“Health workers are the frontline soldiers in the war against COVID-19. But we cannot fight this war without proper equipment,” stressed Dr. Rana Azeem, Young Doctors Association’s Rawalpindi President. Hospitals are still facing a shortage of N-95 masks. “I bought my own N-95 mask and I’m reusing it for three to four days but it increases the exposure the virus,” said Dr Namra adding that medical staff are also relying on donations from organisations such as Project Give Back Pakistan providing free-of-cost reusable PPEs.
When the young doctor Zain ul Hassan started his career in February, his first duty was in the corona ward in Ghurki Trust Teaching Hospital in Lahore. Now the hospital is developing PPE for its staff, but when there was an acute shortage he made his own PPE using parachute material.
2. Offer on-the-job protection, quality personal protective equipment, up-to-date information.
3. Shift all non-emergency cases in OPDs to phone and online to reduce exposure.
4. Ensure health care for health workers with routine tests, counseling and other benefits.
5. Slow and smart easing of lockdown with a strong ‘stay at home’ message.
6. Stricter measures to halt all non-essential activities to contain the spread.
7. Provide food to daily wage workers and poor to restrict unnecessary movement.
8. Go tough to implement lockdown and enforce COVID rules.
9. Constantly communicate COVID guidelines to public such as hand washing, avoiding crowds, maintaining distance, wearing masks and warn about serious health risks.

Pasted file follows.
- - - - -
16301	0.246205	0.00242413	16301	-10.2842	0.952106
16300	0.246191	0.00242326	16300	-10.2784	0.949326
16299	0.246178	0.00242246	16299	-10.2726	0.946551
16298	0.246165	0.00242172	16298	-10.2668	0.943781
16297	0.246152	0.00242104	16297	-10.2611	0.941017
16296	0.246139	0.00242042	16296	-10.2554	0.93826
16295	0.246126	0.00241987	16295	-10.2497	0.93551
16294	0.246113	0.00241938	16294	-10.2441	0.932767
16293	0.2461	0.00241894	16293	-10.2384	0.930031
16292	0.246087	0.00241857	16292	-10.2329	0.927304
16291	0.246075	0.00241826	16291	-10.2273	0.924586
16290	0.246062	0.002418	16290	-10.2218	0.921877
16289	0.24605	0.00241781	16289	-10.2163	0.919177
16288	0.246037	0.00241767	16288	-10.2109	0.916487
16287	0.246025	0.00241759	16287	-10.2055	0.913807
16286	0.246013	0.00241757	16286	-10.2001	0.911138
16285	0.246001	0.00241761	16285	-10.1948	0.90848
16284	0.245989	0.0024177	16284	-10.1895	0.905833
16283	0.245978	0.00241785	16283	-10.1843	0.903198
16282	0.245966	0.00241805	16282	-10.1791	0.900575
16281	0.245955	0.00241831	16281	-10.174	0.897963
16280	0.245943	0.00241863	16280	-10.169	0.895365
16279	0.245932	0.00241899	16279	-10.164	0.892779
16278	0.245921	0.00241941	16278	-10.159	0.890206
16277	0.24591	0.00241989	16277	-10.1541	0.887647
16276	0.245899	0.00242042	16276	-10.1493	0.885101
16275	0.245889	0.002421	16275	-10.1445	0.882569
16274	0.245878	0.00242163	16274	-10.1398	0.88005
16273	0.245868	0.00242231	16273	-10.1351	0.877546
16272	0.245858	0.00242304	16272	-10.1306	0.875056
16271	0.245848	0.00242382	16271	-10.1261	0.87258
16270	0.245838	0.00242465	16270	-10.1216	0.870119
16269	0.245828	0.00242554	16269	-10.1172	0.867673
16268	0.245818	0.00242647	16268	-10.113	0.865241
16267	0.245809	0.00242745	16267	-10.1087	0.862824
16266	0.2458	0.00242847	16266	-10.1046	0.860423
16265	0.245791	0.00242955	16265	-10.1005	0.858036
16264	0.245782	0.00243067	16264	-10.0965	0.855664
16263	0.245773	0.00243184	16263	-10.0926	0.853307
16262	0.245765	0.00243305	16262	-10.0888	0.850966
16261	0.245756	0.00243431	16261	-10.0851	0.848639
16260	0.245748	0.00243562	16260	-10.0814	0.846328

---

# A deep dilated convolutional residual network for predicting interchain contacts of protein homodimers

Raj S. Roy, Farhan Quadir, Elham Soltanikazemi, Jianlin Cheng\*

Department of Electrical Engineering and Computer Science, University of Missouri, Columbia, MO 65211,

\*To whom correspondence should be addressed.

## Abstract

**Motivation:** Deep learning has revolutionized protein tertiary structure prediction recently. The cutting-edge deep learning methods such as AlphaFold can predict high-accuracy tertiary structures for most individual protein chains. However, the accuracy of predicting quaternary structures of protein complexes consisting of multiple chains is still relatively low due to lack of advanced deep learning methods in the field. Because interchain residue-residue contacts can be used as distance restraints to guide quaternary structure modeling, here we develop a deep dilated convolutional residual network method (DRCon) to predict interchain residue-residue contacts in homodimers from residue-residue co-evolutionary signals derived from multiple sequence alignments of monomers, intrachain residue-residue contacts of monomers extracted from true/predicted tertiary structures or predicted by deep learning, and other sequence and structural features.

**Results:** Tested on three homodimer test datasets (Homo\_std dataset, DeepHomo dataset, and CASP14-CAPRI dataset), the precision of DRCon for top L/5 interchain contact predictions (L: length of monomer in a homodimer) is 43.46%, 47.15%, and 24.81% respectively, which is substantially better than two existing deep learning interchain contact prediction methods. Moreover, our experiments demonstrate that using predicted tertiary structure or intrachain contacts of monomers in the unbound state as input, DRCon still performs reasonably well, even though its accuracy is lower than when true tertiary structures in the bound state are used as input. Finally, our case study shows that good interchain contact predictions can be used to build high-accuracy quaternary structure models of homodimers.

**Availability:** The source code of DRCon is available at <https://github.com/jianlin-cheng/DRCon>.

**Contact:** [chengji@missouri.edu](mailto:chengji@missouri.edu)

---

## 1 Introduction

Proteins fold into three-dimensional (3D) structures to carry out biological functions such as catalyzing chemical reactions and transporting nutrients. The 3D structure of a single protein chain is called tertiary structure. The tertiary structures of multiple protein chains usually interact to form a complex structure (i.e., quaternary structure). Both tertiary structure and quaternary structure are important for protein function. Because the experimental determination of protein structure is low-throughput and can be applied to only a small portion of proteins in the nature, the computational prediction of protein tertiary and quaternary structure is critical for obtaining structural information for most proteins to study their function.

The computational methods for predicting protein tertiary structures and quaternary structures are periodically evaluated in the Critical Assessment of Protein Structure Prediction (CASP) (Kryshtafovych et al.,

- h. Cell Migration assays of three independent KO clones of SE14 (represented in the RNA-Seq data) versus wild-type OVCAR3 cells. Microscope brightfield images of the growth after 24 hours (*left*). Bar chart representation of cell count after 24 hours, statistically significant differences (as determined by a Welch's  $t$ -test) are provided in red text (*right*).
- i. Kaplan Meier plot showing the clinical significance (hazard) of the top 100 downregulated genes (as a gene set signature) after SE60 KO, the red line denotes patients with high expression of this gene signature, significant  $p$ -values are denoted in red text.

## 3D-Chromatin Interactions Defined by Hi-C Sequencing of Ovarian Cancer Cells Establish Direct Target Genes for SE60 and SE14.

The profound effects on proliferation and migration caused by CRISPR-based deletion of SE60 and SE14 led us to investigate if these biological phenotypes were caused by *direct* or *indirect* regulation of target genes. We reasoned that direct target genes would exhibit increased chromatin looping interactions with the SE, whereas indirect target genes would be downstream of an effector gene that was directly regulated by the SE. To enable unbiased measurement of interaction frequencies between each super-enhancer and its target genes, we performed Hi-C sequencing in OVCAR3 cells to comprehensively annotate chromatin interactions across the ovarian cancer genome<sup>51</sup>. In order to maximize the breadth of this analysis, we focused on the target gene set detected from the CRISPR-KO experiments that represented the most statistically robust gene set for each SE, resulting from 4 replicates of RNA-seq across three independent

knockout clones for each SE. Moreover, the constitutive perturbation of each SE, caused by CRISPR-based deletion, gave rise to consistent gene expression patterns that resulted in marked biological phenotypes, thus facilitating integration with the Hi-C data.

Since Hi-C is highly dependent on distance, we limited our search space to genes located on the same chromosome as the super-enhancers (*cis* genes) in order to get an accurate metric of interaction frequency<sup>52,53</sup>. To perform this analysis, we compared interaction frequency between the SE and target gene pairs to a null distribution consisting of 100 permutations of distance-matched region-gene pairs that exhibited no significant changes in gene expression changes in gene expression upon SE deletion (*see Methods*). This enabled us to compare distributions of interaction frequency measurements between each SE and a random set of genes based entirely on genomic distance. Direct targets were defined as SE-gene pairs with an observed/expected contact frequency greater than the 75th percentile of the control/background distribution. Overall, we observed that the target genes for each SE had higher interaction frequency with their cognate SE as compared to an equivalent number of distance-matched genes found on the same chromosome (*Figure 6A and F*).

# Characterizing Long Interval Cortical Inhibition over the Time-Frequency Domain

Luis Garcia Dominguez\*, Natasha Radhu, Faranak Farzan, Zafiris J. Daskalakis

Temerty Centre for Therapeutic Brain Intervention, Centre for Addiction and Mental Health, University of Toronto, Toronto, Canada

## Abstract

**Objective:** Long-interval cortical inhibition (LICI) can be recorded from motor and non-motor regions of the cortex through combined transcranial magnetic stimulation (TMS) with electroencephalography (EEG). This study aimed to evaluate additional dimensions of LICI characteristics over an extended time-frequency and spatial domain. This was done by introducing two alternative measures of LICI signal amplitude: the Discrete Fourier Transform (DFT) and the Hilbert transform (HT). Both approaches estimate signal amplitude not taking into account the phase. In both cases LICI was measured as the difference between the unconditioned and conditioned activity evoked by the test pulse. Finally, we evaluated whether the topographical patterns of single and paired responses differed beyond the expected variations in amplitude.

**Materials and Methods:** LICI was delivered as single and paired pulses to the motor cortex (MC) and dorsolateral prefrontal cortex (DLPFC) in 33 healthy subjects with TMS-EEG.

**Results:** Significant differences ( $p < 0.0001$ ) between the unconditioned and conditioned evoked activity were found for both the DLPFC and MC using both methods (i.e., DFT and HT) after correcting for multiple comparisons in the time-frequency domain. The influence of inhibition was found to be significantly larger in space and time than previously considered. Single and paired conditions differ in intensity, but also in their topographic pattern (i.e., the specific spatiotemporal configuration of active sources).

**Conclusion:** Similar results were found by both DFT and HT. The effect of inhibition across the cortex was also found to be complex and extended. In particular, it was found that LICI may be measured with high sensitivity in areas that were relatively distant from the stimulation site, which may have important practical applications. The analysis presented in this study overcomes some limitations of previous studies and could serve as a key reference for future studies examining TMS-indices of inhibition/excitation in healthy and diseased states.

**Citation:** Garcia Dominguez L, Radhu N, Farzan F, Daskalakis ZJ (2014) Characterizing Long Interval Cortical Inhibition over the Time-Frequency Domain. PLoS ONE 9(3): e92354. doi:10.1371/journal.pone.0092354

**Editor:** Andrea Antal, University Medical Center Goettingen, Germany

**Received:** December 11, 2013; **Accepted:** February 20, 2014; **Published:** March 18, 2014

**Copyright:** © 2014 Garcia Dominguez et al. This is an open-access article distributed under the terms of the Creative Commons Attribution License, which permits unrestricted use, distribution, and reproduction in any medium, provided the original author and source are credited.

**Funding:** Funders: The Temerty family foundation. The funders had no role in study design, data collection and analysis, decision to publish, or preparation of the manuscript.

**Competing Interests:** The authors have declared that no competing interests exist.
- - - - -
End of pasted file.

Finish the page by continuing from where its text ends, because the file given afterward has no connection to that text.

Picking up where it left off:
10. Media campaigns to encourage online and phone services such as telemedicine, food delivery and home shopping.
Guidelines, protection and support
“In the beginning, I was scared. Some of the colleagues left jobs. My mother was worried I might catch the virus. But I told my parents that this is the time to serve and save lives. I must work,” he shared with Gulf News. Dr Zain’s biggest motivation was his connection and learning from Chinese doctors as he completed his MBBS degree from Capital Medical University Beijing. “I’m constantly in touch with my Chinese colleagues in Wuhan and Shanghai, learning about new development, treatments and best methods to diagnose the virus and sharing it with my Pakistani fellows.” He suggested that chest CT scans along with RT-PCR tests offers a more reliable diagnosis and urged the health officials to follow global standard procedures.
“When we take the Hippocratic Oath to become doctors, we pledge to care for patients. We are prepared to do all despite limited protection. But I just wish people could understand the severity of the pandemic and government offer us the training, support and protection we need to win the war.”